13. Naturally, I reached for my Aerostich. The sport-tourer’s uniform of choice, it seemed like the right thing to wear when the invite to test Suzuki’s newest sport-tourer – the 2022 GSX-S1000GT+ – popped up in my inbox. It offers full-body protection from both the ground and the elements, is easy to take on and off, has loads of pockets, and has room underneath for layers (including an airbag, in my case). I felt like I made the right decision when I hopped on the bike. In hindsight, maybe I should have grabbed my leathers. 2022 Suzuki GSX-S1000GT and GT+ Suzuki completely revamped the GSX-S1000GT to make it the complete sport-touring package. Anchored by a massaged version of the legendary K5 GSX-R1000 engine, not only can it take you from Point A to Point B quickly, but comfortably, too. Editor Score: 93% Engine 19.5/20 Suspension 14.5/15 Transmission 10/10 Brakes 8.5/10 Instruments 5/5 Ergonomics 9/10 Appearance 8.5/10 Desirability 9/10 Value 9/10 + Highs The K5 engine is legendary The best production quickshifter in the business A comfortable gixxer with saddlebags! – Sighs The seat’s a little hard Rubber brake lines and so-so master cylinder Final drive gearing is a little short Instead of a relaxing ride through some of central California’s best roads, we were hauling arse, channeling the inner GSX-R inside. Strafing corners like we were going for Superpole and letting the big Gixxer-based engine eat when the road opened up, for 300-plus miles we were living in our own little Isle of Man TT. And this was just day one. When we finally stopped to smell the roses, it dawned on us that we had a handlebar instead of clip-ons and saddlebags behind us with a change of clothes and a toothbrush. Maybe we should have taken the Suzuki reps seriously when they told us the GSX-S1000GT+ was a sport-touring bike with the heart of a GSX-R. We can all agree the previous GSX-S1000GT won’t win any beauty awards, but this latest GSX-S1000GT (GT+ shown here) is much more attractive. Suzuki has gone all-in on the sport-touring segment, and with the GSX-S1000GT and GT+, the company has leaned heavily on sport while sacrificing little on touring. Yeah, Suzuki is leveraging its Gixxer heritage hard when it comes to this bike, but is that really a bad thing? The important bit is Suzuki has done so without sacrificing the essence of a sport-tourer. It’s really quite astonishing. How the Hamamatsu brand has done this is an interesting read, and as you can imagine, there’s a lot to unpack with the new GT and GT+. So, let’s dig in. The Elephant In The Room Yes, the GSX-S1000GT and GT+ are powered by what is essentially the K5 GSX-R1000 long-stroke 999cc four-cylinder engine. The same as the newly updated GSX-S1000 naked bike, and several models before. Suzuki’s been on the receiving end of some flack in recent years for continually recycling the same base engine for nearly two decades, but there’s something to be said about Suzuki’s commitment to evolving what is still considered one of the best engines ever made. If it ain’t broke, don’t fix it, and Suzuki’s taking this to heart. In case you didn’t know, I’m also an owner of an SV650. And as we all know, Suzuki has milked that engine for all it’s worth, too. The K5 GSX-R1000 engine might be retired from superbike duty, but it’s still more than capable for sport-touring purposes. In the GT’s case, the K5 Gixxer Thousand engine sees a ton of changes to shift its powerband and make it more suitable for sport-touring duty. Among those changes are intake and exhaust camshafts, valve springs, cam chain, cam chain tensioner, crankcase/crankshaft mounting hardware, clutch assembly, clutch pushrod, Shift Cam, Shift Cam retainer, Shift Cam plate, shift shaft, stator cover, clutch cover, drive sprocket covers, and more. Beyond the changes inside the engine, the GT and GT+ no longer use throttle cables. This Ride-by-Wire system now has the throttle directly linked to a position sensor that activates a servo which then moves the throttle plates. Having such a system makes it easy to incorporate cruise control, the Suzuki Drive Mode System, and even the updated quickshifter (which is glorious, but more on that later). It may not look like much, but all those new pieces in yellow really transform this engine and give it usable power for the real world. The long, tapered intake tract has a smaller inner diameter than the previous GSX-S, improving the intake charge velocity resulting in better throttle response and torque production. All of the spent gasses exit the bike through a revised 4-2-1 exhaust system with a secondary catalyzer in the mid-chamber. This allows the actual silencer at the end to be small, light, compact, and importantly, able to be replaced with an aftermarket slip-on without bypassing any of the emissions systems. The result is not only a two-horsepower increase compared to last generation’s GSX-S1000 (150 hp vs. 148 hp), but more importantly, a much smoother power and torque curve compared to the previous bike with virtually no dips or valleys. Incidentally, peak torque is actually down on the GT+ (by about one lb-ft or so), but again the overall shape of the graph looks significantly better. All this while complying with global emissions requirements. The overall graphs of the new engine versus old show how much smoother the revisions have made the GT’s power curve. And it’s not like the old engine was that bad, either. Sport-Touring, The Suzuki Way On a macro level, sport-touring is about traveling long distances, often via the twistiest roads, as quickly as possible. We’ve already established the GSX-R-based heart of the GT and GT+ will get you where you’re going in a flash, but comfort comes first. This is where the decision to repurpose the K5 engine makes sense. Because instead of pouring resources towards a new engine, those resources instead went towards making a focused sport-tourer – one Suzuki is immensely proud of. Right off the bat, if you’re thinking this is a gussied-up version of the recently released GSX-S1000 naked bike, you’re kinda right. But not really. The obvious difference is the sharply styled bodywork. You’ve also got two windscreens (standard and the optional touring screen), both of which were developed in the wind tunnel. From an ergonomics standpoint, you’ve got the same 31.9-inch seat height as the outgoing GSX-S1000F, but the new tapered handlebar is 0.9-inch wider and rotated slightly upwards, resulting in the bars being 0.6-inch closer to the rider. A wind-tunnel-developed windscreen, combined with bars that are closer to the rider than before, result in a comfortable ride. The passenger seat is said to be a little more accommodating than before and perched about an inch and a half higher than the rider, so whoever’s back there can see over your shoulder better. To keep vibes to a minimum, all the touchpoints for both rider and passenger are laced with rubber – the bars are rubber mounted, the passenger grab handle is as well, and all four pegs have rubber inserts. Opt for the GT+ (not the standard GT), and you get two saddlebags, each of which are able to hold 37L, and most full-face helmets, including the Arai Defiant-X I’m wearing in these photos (minus the communicator sticking off the side). The locking bags use the same key as the ignition, have huge latches to lock and unlock, and are super simple to remove entirely. Also, if you’re thinking about getting the standard GT and opting for the accessories to add the saddlebags later, don’t. It’s $13,149 for the GT and $13,799 for the GT+. The saddlebags and the various hardware needed to retrofit a GT into a GT+ will cost you over $1000. Unless you’re positive you don’t want bags, just spend a little more and get the Plus right off the bat. What’s a sport-touring bike without saddlebags? Actually, it’s called the GT. Saddlebags are the sole distinction between the GT and GT+. They’re big enough to hold a full-face helmet, super easy to operate, and a bargain compared to trying to add bags to a GT later. Also note the passenger grab handle, which is rubber-mounted to minimize vibrations. Compared to the previous GSX-S1000F, last seen in 2020, the GT models get a 5.0-gallon fuel tank versus the previous 4.5-gallon tank. Combined with the estimated 35 mpg (which ended up being fairly accurate during our 500-plus-mile ride over the course of two days), and you can expect to get something like 175-ish miles per tank. Under normal riding, of course. Tech Yeah, it’s got some, and it’s all the tech bits you’d expect to find: 6.5-inch TFT display, five-level traction control (plus off), ABS, Suzuki Drive Mode Selector, autoblipper, cruise control, easy start, low-RPM assist, and connectivity to Suzuki’s mySPIN Bluetooth app. The best part is the minimal amount of buttons on the switchgears: nearly every function can be accessed via a thumb wheel with arrows. The more surprising feature (or lack of) is the absence of an IMU. The 6.5-inch TFT display on the GSX-S1000GT gets high marks for being clear, easy to read, and having the important information like engine speed, road speed, and gear position in clear view of the rider. The screen can switch from white to black depending on ambient light, and if you pair the motorcycle to the Suzuki mySPIN app, the screen can mirror your phone functions, and even display a map with your location. Note the USB port to the left of the display to charge a device. Behind the scenes, a new 32-bit ECM uses CAN-style wiring to reduce the amount of wires needed for all of the bike’s various systems while also allowing those systems to communicate with each other much faster. A new, compact ABS control unit is supplied by Hitachi Astemo, which we all know better by its former name: Nissin. Finally, a new gear position sensor is the heart of the new bidirectional quickshifter system and eliminates the slop sometimes associated with autoblippers from competitors. Chassis Making great engines is not the only thing Suzuki is known for. Its chassis department gets far less praise. It’s a shame, too, as the GSX-R family has a reputation for its neutral, inspiring handling. It all starts with the twin-spar aluminum frame and arch-style swingarm, both of which have very close ties to the GSX-R. In fact, the swingarm is borrowed directly from the GSX-R1000. Behind the frame, you have a trellis-style subframe with integrated mounting points for the luggage. The trellis construction allows it to be relatively light while still being strong enough to handle a passenger and full saddlebags. The suspension and brake components you can see here are well up to the task. Fully adjustable suspension is a treat and Brembo brakes have plenty of power. The rubber lines and weak master cylinder would be among the first things I’d change if this were mine. KYB handles suspension duties with a 43mm inverted fork up front with 4.7 inches of travel and link-type shock in the back. Both are fully adjustable for rebound, compression, and spring preload. Radial-mount Brembo four-pot calipers are paired with 310mm discs up front, but are fed fluid via rubber lines and an axial-mount master cylinder. ABS is standard and always on. A 240mm disc and single-piston caliper slows down the rear wheel. TRP six-spoke wheels are unique to the GSX-S1000 models, and they wear Dunlop’s new Roadsport 2 tires, specially designed for this application. Which, as we discovered, was going long distances. Fast. Grand Touring, Gixxer Style By now you already know the GT+ can haul the mail and isn’t so far removed from the GSX-R1000 it can trace its lineage back to. But Suzuki’s constant refinement of this engine makes it seemingly perfect for this application. All of the changes to the engine internals help shift the powerband away from the top, where you need it on a sportbike, and more towards the bottom and middle, where sport-touring riders spend their time. I’m happy to report, it worked. There’s plenty of power down low and in the mid, with the electronic throttle mapped perfectly to the amount of twist I was giving with my wrist. Of the three Suzuki Drive modes, I found myself toggling between A and B the first day. All three modes deliver full power, only the application of power is metered differently between them. On many bikes, no matter the manufacturer, A mode is usually too aggressive. Even the tiniest of wrist movements results in a jump. Not so with the GSX-S. In A mode power would come on quickly, but not abruptly, and it ended up being my default setting for the twisty roads. The slightly muted B mode worked well enough around town and on the freeway, but by the second day of riding, I’d become comfortable with A mode everywhere. Even on the freeway, slogging miles until we got back home. Despite moving the engine’s punch lower in the revs, there’s still a considerable amount of thrust available as the rev needle moves into the last third of its sweep. You can take the engine out of the gixxer, but you can’t take the gixxer out of the engine. It seems so simple, but that autoblipper works wonders and elevates the enjoyment level of riding the GT. The biggest surprise, by far, is how sublime the autoblipper operates. Shifts in either direction, no matter the gear, even first, are amazingly smooth and slick. Flicking the lever with your foot requires just the right amount of pressure to know you’ve asked for a gear, it’s not too soft (like some BMWs) nor is it too hard. Shifts are positive, too, so you’re never second-guessing if you made the shift or not. It might sound silly to be so praising of something seemingly so innocuous as an autoblipper, but flicking through the gears, without ever using the clutch, while hustling the GT through a set of curves highlighted the importance of being in the right gear going in – and coming out – of a corner. The amazing autoblipper enhances the riding experience in a way I didn’t know was possible. It’s that good. Without having to worry much about the engine or gear selection, it opened the brain space for hustling around the tight and curvaceous confines of Highways 33, 58, and 166. As you can probably imagine, with its GSX-R frame and swingarm, the GT makes quick work of canyon roads. Having a handlebar gives the leverage to flick the bike in either direction. Once leaned over it holds its line like you’d expect from a sportbike. Since the saddlebags on my bike were not carrying much, it’s hard to comment on a fully-loaded GT’s abilities through the corners. However, I can attest to the KYB suspension reacting well to changes, as the bike really came into its own once the rebound damping was slowed by only two clicks, front and rear. Doing such made the ride more compliant and more planted over both smooth and rough roads. If the GT does have a weakness in the handling department, the brakes leave a little to be desired. Specifically, the axial-mount master cylinder is decent at best, and if it weren’t for the rubber lines, this would be a nice braking system. Feel at the lever has a hint of sponginess, but it never left me worried. I just wished it was more firm and direct. While I wouldn’t consider this a weakness, an oddity I noticed while hustling the bike from side to side was what I assume to be deflection of the rubber in the handlebar mount. When you’re going at a quick pace, you depend on the handlebars to give you the leverage you need to turn – especially with the square-ish 190/50 profile rear tire. A few times I could feel the bars moving slightly within the mounts, an attribute I can only assume is rubber deflection. Again, it wasn’t alarming, just something I noticed. Despite the omission of an IMU, the traction control system works surprisingly well. Since road conditions on our ride proved to be near perfect, I never had a chance to really put the system to the test. Instead, I tried cranking the TC to the fifth, and highest, setting. On corner exits the TC light was flashing rapidly on the TFT display, but from where I was sitting all I could feel was gradual acceleration matching what I was twisting at the throttle. Many systems on other motorcycles can be overly intrusive in the highest setting and give the feeling as if you’re being pulled backward, not gently pushed forward. It was very impressive. In setting two I never noticed the intervention (assuming it came on at all). In my mind I thought I could spin up the tire and leave a black line on the ground. In reality I’m not that good. Besides, the Suzuki traction control does a surprising job of putting down the power without holding you back. We’ve talked a lot so far about the sporting side of the GSX-S1000GT+, but the touring aspect is just as important. Ultimately, is the bike comfortable? The short answer is yes, but in the case of my 5-foot, 8-inch frame there were a few things I noticed. For starters, the standard windscreen just happened to direct the air right to my face and neck, instead of over my helmet. Every now and then some debris would swirl under my helmet and be distracting. The optional touring screen is not only taller but is angled upward, toward the sky, to move the air up and over the rider. If it were me, I think I’d opt for the touring screen. Otherwise, the seating position is ultra-comfortable and neutral. The hands drop right where you expect them to for an all-day ride and the pegs are just under the butt. Though the tank is bigger than before, the junction with the seat isn’t terribly wide. My 30-inch inseam could reach the ground easily, though not flatfooted. That’s about as neutral a riding position as they come. Speaking of all-day rides, I found the seat padding to be a touch too firm for my liking. After about 45 minutes in the saddle, it was time for a stretch to get some feeling back. Even the contours of the seat start to feel like they’re slightly digging into your thighs. I’m guessing the seat foam hardly compressed at all under my scrawny 155-pound frame. Heavier riders may find the padding to be perfect. Suzuki’s Done It I’ll admit, for the past few years Suzuki’s product offerings have left me feeling a bit uninspired. I know others have felt the same, too. Speculation was even going around, worrying about where the company was going. The pandemic certainly didn’t help, but nonetheless, if the 2022 GSX-S1000GT and GT+ are a sign of things to come – and Suzuki reps tell us there’s a lot more to come – then we should all be excited. Here we have a sport-touring package that embodies everything about both genres. It’s fast as hell, topped with a layer of comfort, finished off with a consistent 35 mpg even riding like a goon. With the motorcycle world turning towards adventure-touring motorcycles lately, the sport-touring segment seems to be experiencing a bit of a lull. In fact, in the sub $15,000 price range the Suzuki sits in, only these bikes stand out: Suzuki GSX-S1000GT+ $13,799 ($13,149 for the GT) Kawasaki Ninja 1000SX $12,899 Yamaha Tracer 9 GT $14,999 BMW F 900 XR $11,695 (base), $12,362 (with some options) BMW R 1250 RS $15,695 (base) As you can see, it’s pretty rarified air to find a sport-touring bike as capable as the Suzuki, let alone one that’s at all comparable on price. The BMW R 1250 RS is thrown in there as an example of how quickly the price gap jumps – and that’s just for a base model. Nevertheless, I still think the Suzuki could give it a run for its money. Could a Suzuki win Best Sport-Touring bike of the year honors? Maybe. It’s definitely in the running. Simply put, Suzuki nailed it. If your GSX-R days are coming to an end, move one letter down in the alphabet and give the GSX-S a go. In Gear Helmet: Arai Defiant-X Dragon Suit: Aerostich Roadcrafter Classic One Piece Airbag: Alpinestars Tech-Air 5 Gloves: Alpinestars SP-2 v2 Boots: Alpinestars Faster 3 Rideknit Shoes 2022 Suzuki GSX-S1000GT and GT+ Specifications Engine Type Liquid-cooled, 4-stroke Inline-Four Displacement 999cc Bore and Stroke 73.4 x 59.0 mm Compression ratio 12.2:1 Valve system DOHC Fuel system DFI with 40mm throttle bodies Horsepower 149.9 hp at 11,000 rpm (claimed) Maximum torque 78.8 lb-ft. at 9,250 rpm (claimed) Transmission 6-speed Final drive Chain Clutch Wet multi-disc, w/slip assist Frame Aluminum twin-spar Front suspension KYB 43 mm inverted telescopic fork, fully adjustable Front wheel travel 4.72 inches Rear suspension Link type KYB shock, fully adjustable Rear wheel travel 5.12 inches Front tire 120/70 ZR17 Dunlop Roadsport 2 Rear tire 190/50 ZR17 Dunlop Roadsport 2 Front brakes Dual semi-floating 310mm discs with Brembo radial-mount 4-piston calipers, ABS Rear brakes Single 240mm disc with single-piston caliper, ABS Caster (rake) 25.0° Trail 3.9 inches Steering angle (left/right) 31° / 31° Overall length 84.2 inches Overall width 32.5 inches (excluding GT+ cases) Overall height 47.8 inches Wheelbase 57.4 inches Ground clearance 5.5 inches Seat height 31.9 inches Curb weight 498.0 pounds (claimed, GT+ excluding cases) Fuel capacity 5.0 gallons We are committed to finding, researching, and recommending the best products. We earn commissions from purchases you make using the retail links in our product reviews. Learn more about how this works. Become a Motorcycle.com insider. Get the latest motorcycle news first by subscribing to our newsletter here. The post 2022 Suzuki GSX-S1000GT+ Review – First Ride appeared first on Motorcycle.com. Source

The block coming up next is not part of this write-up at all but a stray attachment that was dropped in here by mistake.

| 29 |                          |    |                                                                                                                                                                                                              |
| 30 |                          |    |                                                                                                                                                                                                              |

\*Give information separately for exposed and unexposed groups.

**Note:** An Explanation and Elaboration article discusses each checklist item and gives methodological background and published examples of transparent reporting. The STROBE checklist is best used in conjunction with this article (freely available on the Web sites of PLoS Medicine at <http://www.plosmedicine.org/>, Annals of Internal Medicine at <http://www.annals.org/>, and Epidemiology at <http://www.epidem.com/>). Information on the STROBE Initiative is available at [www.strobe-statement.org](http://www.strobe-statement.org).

14. One score (that’s 20) and no years ago, Honda re-sampled possibly its greatest hit – the 750 V-four Interceptor it had been building since 1983. A perineal favorite of sophisticated riders ever since its inception, not to mention winner of a slew of roadracing championships, the new 2002 VFR800 gained a few pounds, a fashionable undertail exhaust, and Honda’s VTEC variable valve system. It remained one of the slickest sporty tourers of all time, and Honda must’ve lost money on every one. The Gen 7 VFR800 that replaced it, circa 2014, was somehow neutered and overpriced, and when the last VFR quietly disappeared a few years later, few mourners were in attendance. Sad. More than just a face-lift for the perennial favorite. By MO Staff Jan. 04, 2002 Torrance, California, January 4, 2002 — To say that somebody or something is a legend in their own time has nowadays become almost a joke. It’s a phrase thrown about like so many bad jokes between men at seedy after-hours beer joints. Therefore, we’ll not use such verbiage in the context of this story, though you may consider it implied. Heavily.When Honda introduced its Interceptor in 1983 it was in the thick of the sport bike wars. In the ensuing 19 years, through a number of incarnations, it has won numerous World Superbike and AMA Superbike titles, notched up a mile-long list of race wins and become a perennial favorite of moto-journalists across the globe. The Year 2002 Interceptor cuts a much sharper profile than its predecessor. Thankfully, changes are not just cosmetic. Though it still possesses a number of features that may lead one to utterance of sporting glory, the Intercepter has gone a tad soft in recent years, leaving most of its racing roots firmly in its past. For the majority of riders, however, this is a good thing. After all, when’s the last time you had to hold off Fred Merkel on the way to your Sunday Morning breakfast nook? Seems today’s Interceptor owner is more interested in having the perfect do-it-all bike beneath them than an uncompromising road burner. For this all-purpose role, the Interceptor has known few peers, though competition is definitely getting rather stiff of late. To stave off the coming advances from European manufacturers, Honda engineers have seen fit to adorn the Year 2002 interceptor with a healthy dose of techno-gadgetry as well as some simple things we’ve been requesting for years. Honda’s latest iteration of their annoying Linked Braking System isn’t nearly as intrusive as year’s past. ABS is an option our test unit was not adorned with. “Under all the slick red plastic, however, lies a bit of techno-trickery we’d only expect from Honda.” To the eye, the most obvious difference between this bike and last year’s model is the body work. The new stuff is edgier and has more of an Akira does WSB look to it. Some may dismiss the styling effort as little more than a knock-off of Aprilia’s Futura, but few can deny the striking silhouette cut by this new Honda. The addition of optional hard luggage and the under-seat exhaust do little to dissuade comparisons with the Aprilia, though these same features go a long way towards distancing the new Interceptor from the bikes that came before it. Under all the slick red plastic, however, lies a bit of techno-trickery we’d only expect from Honda. The 781 cc DOHC motor now sports a VTEC valve train that’s similar in principle to the system found on cars such as their own Acura Integra. What it does, basically, is allow the motor to run on two valves below 7,000 RPM and on four valves above 7,000 RPM. The theory is that this provides the best of both worlds: Low RPM economy and mid-range power as well as high-RPM peak power. To go with its sportier image, Honda gave the suspension a make-over that resulted in a machine that feels more planted than ever. The VTEC system also does away with the gear-driven cams of the old bike. And even though this change eliminates the mechanical whine we’ve all grown so accustomed to, the swap to a silent-type cam-chain drive reduces engine weight by a solid 6.2 pounds.Working in conjunction with the VTEC motor’s valve actuation system is a similar system that resides in the intake tract. There is a solenoid-activated dual-air-intake-duct that keeps one duct closed during low-speed operation and then opens at higher RPMs. The new Interceptor is a 50-state model that exceeds the California Air Resource Board’s Year 2008 guidelines, thanks to the VTEC system. We thought increased power was part of the reason, but even in Honda’s own press material for the bike, not once is power mentioned as a benefit or even a byproduct of this VTEC technology. In reality – maybe were being a bit pessimistic here – all these systems seem to do is cut emissions and increase mileage at low RPM. The Interceptor’s gauge cluster is about as informative and tidy as they come. Center-mounted tach hints at the machine’s sporting nature. On the dyno, it made one less horsepower at peak and one foot-pound of torque more than last year’s model. But we all know that the road and the dyno are two completely different places. So what is it like to actually ride? On the road, the new Interceptor gets better mileage than last year’s bike and it makes beautiful sounds as the tachometer sweeps past the 7,000 RPM mark when the VTEC system invites the final two valves to the party. But really, for those of you – like us – who were hoping for more power, there’s really none to be had. Still, on the freeway, the heart of the VFR is still very much alive. At 4,300 RPM in top gear, you’re moving along at 65 MPH with barely a trace of the motor’s vibes coming through the bars. At 75 MPH the motor is turning over at 5,000 RPM and actually feels smoother than it did at lower speeds. “We often found ourselves coming out of corners at 6,000 RPM and then up-shifting at 8,000 RPM as many times as we could before we had to shut it down to make the next bend.” Though this new Interceptor weighs in a claimed 24 pounds heavier than last year’s model, the new machine doesn’t allow the rider to notice the extra heft. Honda says that, at the same road speeds, the new motor turns over at 50 fewer RPM than the old mill. It’s this, combined with the VTEC system, that provides such good mileage, returning upwards of 42 MPG through one particular 240 mile stint of highway and canyon riding that saw 4.6 gallons pass through the motor. When the motor sweeps past that magic 7,000 RPM mark, its very difficult to discern if there’s a real surge in power at that point or just a tonal change that fools the brain into thinking, “oh yeah, I’m going faster now.” Whether or not a surge in power is present, the motor is certainly fun to whup up on from time to time. We often found ourselves coming out of corners at 6,000 RPM and then up-shifting at 8,000 RPM as many times as we could before we had to shut it down to make the next bend. Wind protection, anybody? The new Interceptor has it, along with the same comfortable ergonomics as last year. Of course, you can run the bike right up to its rev limiter, as it seems to like it up there, but most of the time short-shifting will get you into the next bend nearly as quick. Besides, the motor is fun to play with like that. As smooth as the Interceptor’s motor is, the transmission is just as smooth and the fuel-injection is flawless. At no time does the bike surge or lurch or hesitate at any throttle opening in any gear, no matter how ham-handed the rider. The new motor isn’t the only part of this bike that received attention. The chassis has definitely improved, and everything from the 20 millimeter increase in wheelbase to the two millimeter larger forks combine to make this a more capable Interceptor. In the twisties, the ’02 Interceptor’s chassis feels a bit tighter and more composed than previous editions. Compared to last year’s suspenders, the new model’s front forks feature an increase in compression damping though they retain the same rebound damping. The rear shock, meanwhile, received a slightly stiffer spring as well as an increase in compression damping while the rebound damping rates were slightly softened. Mid corner bumps will get the suspension moving through its stroke – as should happen – but at no time does the bike feel wallowy. And though it’s not sport bike stiff, there’s a definite sporting quality to the suspension’s set-up so that even when the bike is moving around beneath you, it maintains its composure and provides the rider with a good amount of information. So much so that it’s easy to goad yourself into traversing your favorite roads at elevated speeds, dragging the peg-feelers around nearly every bend, all the while leaving your sphincter relatively relaxed. Through the years, one of the most endearing qualities of the Interceptor has been its sleeper factor, and it remains even today. While shooting photos we had our Year 2001 Yamaha YZF-R1 along for the ride. And though the R1 will leave the Honda for dead at the track, the Interceptor was able to keep pace with the Yamaha on the street. Dyno! Even at this accelerated pace, the Honda pilot was having a more enjoyable time. And therein lies the magic of the Interceptor that few bikes, if any, have been able to reproduce. Between the Interceptor’s looks, its V4 growl, the VTEC waaaah at 7,000 RPM, it’s sure-footed handling, excellent wind protection and excellent ergonomics, it’s a hard bike not to like, even if it’s not the bike we were hoping for. Specifications Model: 2002 VFR800FI Suggested Retail Price: $9,999, $10,999 Engine Type: 781cc liquid-cooled 90-degree V-4 Bore and Stroke: 72.0mm x 48.0mm Compression Ratio: 11.6:1 Valve Train: VTEC DOHC; four valves per cylinder Carburetion: PGM-FI with automatic enricher circuit Ignition: Computer-controlled digital with three-dimensional mapping and electronic advance Transmission: Close-ratio six-speed Final Drive: #530 O-ring-sealed chain Front Suspension: 43mm HMAS[tm] cartridge fork with spring-preload adjustability; 4.7-inch travel Rear Suspension: Pro Arm single-side swingarm with Pro-Link single HMAS gas-charged shock with seven-position spring-preload and rebound-damping adjustability; 4.7-inch travel Front Brakes: Dual full-floating 296mm discs with LBS[tm] three-piston calipers Rear Brake: Single 256mm disc with LBS three-piston caliper (ABS option available) Front Tire: 120/70ZR-17 radial Rear Tire: 180/55ZR-17 radial Wheelbase: 57.4 inches Rake (Caster Angle): 25.5 degrees Trail: 95.0mm (3.74 inches) Seat Height: 31.7 inches Dry Weight: 472.0 pounds (Optional ABS 483.0 pounds) Fuel Capacity: 5.8 gallons, including 0.8-gallon reserve Color: Red The post Church of MO: 2002 Honda VFR Interceptor First Ride appeared first on Motorcycle.com. 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  15. Dear MOby? Will they ever bring it back? Great bikes. Rick York Gmail man Dear Rick, As we’re all not aware, the Mean Streak was a power cruiser Kawasaki sprung in 2002, when power cruisers were a big deal. The Harley-Davidson V-Rod had appeared a few years earlier, in 1999, and imitation was the sincerest form of flattery then as now – even weak imitation. What you were looking at in 2002 was a 1470cc Kawasaki SOHC fuel-injected 50-degree V-Twin, which was bumped up to 1552cc via a bore increase, from 2004 until the Streak ended after 2008. In spite of all those cubic centimeters – and hotter cams, higher compression, bigger valves in freer-flowing heads and larger fuel-injection throttle bodies – the Mean Streak wasn’t particularly fast. But it was fast enough, and did have a reputation for being pretty sporty thanks to its inverted cartridge-style fork, air- and damping-adjustable shocks, big dual front disc brakes with six-piston calipers, and sporty 17-inch wheels. Seems like it was a nice-enough bike and comfortable/practical, too, judging from MO’s 2007 Power Cruisers Shootout, where the Streak finished in a disappointing tie for next-to-last place with the Yamaha V-Max (which was kind of a wild-card entry). 2007 Power Cruisers Shootout Guest tester Buzglyd(!) nicely summed up why: So, with the third largest engine of the five, nice styling, a comfortable riding environment, light handling, great brakes and the tiniest price tag, how is it that the Mean Streak winds up one tick off the bottom? Buzglyd summarizes it best when he said, “We all marveled at what a good all-around motorcycle it was and it’s clearly the most inexpensive in the test. If you’re a 40 year-old virgin looking to be a badass this might be your machine. But this [category] is about being bold and dangerous; not virtuous. As nice as it is, I voted it Miss Congeniality.” Cruisers and customs of all kinds did not do well in the aftermath of the Housing Bubble implosion. An interesting tidbit from that 2007 comparison was this: Today Kawasaki’s cruiser line-up consists of 15 models, 14 of which proudly carry the Vulcan name. From the Vulcan 500 LTD all the way up to the mighty Vulcan 2000, Kawasaki offers a formidable line to suit just about everyone’s needs. Fifteen years later, I count four Kawasaki Vulcans – and two of them are the same bike, the 1700 Vaquero and Voyager. The cruiser herd has definitely been culled. NO. The answer to your question is “no.” Kawasaki is not going to start building a 2002 model again 20 years later. Only Harley-Davidson could get away with that. Actually, even Harley can’t get away with it anymore, thanks to way stricter emissions regulations among other things. The happy news, if you want a Mean Streak, is that there are plenty of perfectly preserved ones for sale. In the Mean Streak’s heyday, everybody was buying a power cruiser and a second house whether they wanted one or not: Plenty of people found out they really didn’t, but also didn’t want to come out on the short end of their “investment.” Hence, things got pushed to the back of the garage and forgotten. The key is to find your niche and stick to it, and in hindsight, the Aughts were kind of a golden era, just before all kinds of cars and motorcycles sort of went overboard with computerized complexity. A quick googling of Kawasaki Mean Streak for sale turns up 14 Mean Streaks on Cycle Trader, in the $4,000 to $6,000 range, including this orange 2005 number in Wenatchee, Washington, showing 4241 miles and asking $6500 OBO. My best offer would be considerably lower, but it seems the Streaks have held value better than you’d (I’d) expect. Most of them have aftermarket pipes and Power Commanders, which you may or may not want, but as in any used-vehicle tango, caveat emptor. Anyway, it’s hard to break a Kawasaki, really; they’re all reliable vehicles, and all the Streaks also come with the subject of our last Ask MO: shaft drive. Warrior, what is it good for? The Mean Streak’s a perfectly okay motorcycle if that’s what you like, but we’d be remiss in our duties if we ignored the power cruiser that won that 2007 shootout by a significant margin, wouldn’t we? Though it’s actually become a bit of a cult bike, the Road Star Warrior that Yamaha began cranking out in 2002 looks like it’s not selling for much more money than the Streak these days. First Ride: 2002 Yamaha Road Star Warrior This thing’s cool enough that former Cycle World EiC and savvy collector David Edwards bought one. A crazy mix of American nostalgia and Japanese samurai sword, the Warrior houses an air-cooled pushrod V-Twin in an aluminum frame, with an inverted fork and R1 brakes, single-shock rear end (adjustable), belt drive, and 17-inch wheels including a 200mm rear. That 2007 comparison test ended with: …MO thinks that you’ll agree with us that the Star Midnight Warrior [a blacked-out version] is the one to have. It doesn’t have all the horsepower or all the torque but it has more than enough of each. Nor does it have the most refined and honed appearance. But at least it’s modern looking, and bad ass, too. This bike will certainly get you into trouble with Mr. Man. It will also create some grief for the regulars at the drag strip or the arrogant youths careening up and down the twisty roads. Do you have a riding partner who refuses to let you have all the fun? Stick her or him on the back and cruise to your heart’s content. The Warrior will do all this and more, for a mere $1,700 more than the least-expensive bike in the test. On top of that, and very unusual for a Japanese cruiser, Yamaha came out shortly with a bunch of Speedstar performance parts for the bike, based as I recall, on this Patrick Racing Warrior. Oh hey, look. That stuff is still available. Today, I count exactly zero Road Stars on Yamaha’s website, though its big $30k Star Venture touring machine is still powered by a modern version of that excellent air-cooled pushrod V-Twin. But it barely matters, as there’s a plethora of Warriors on Cycle Trader, a few with under 5000 miles retaining the cool stock sewer pipe exhaust, in the $4 – 7k range. Lately, the cure for middle-age moto-malaise has been the adventure bike, but cruisers have never gone entirely away. And from where we sit (on the back patio, ogling used motorcycles online) the Mean Streak and the Road Star Warrior were, and still are all these years later, two of the best of the breed: Reasonably upright and nearly ergonomically correct, and with the added bonus of low seat heights. Getting great deals on lightly used things like these is one of life’s great pleasures. We advise you to take full advantage. Send pics of whatever you wind up with! (I vote Warrior.) Direct your motorcycle-related questions to AskMoAnything@motorcycle.com, Remember, the only dumb question is the one you ask in public using your real name. Oh brother. Become a Motorcycle.com insider. Get the latest motorcycle news first by subscribing to our newsletter here. The post Ask MO Anything: Will Kawasaki Ever Bring Back the Mean Streak? appeared first on Motorcycle.com. Source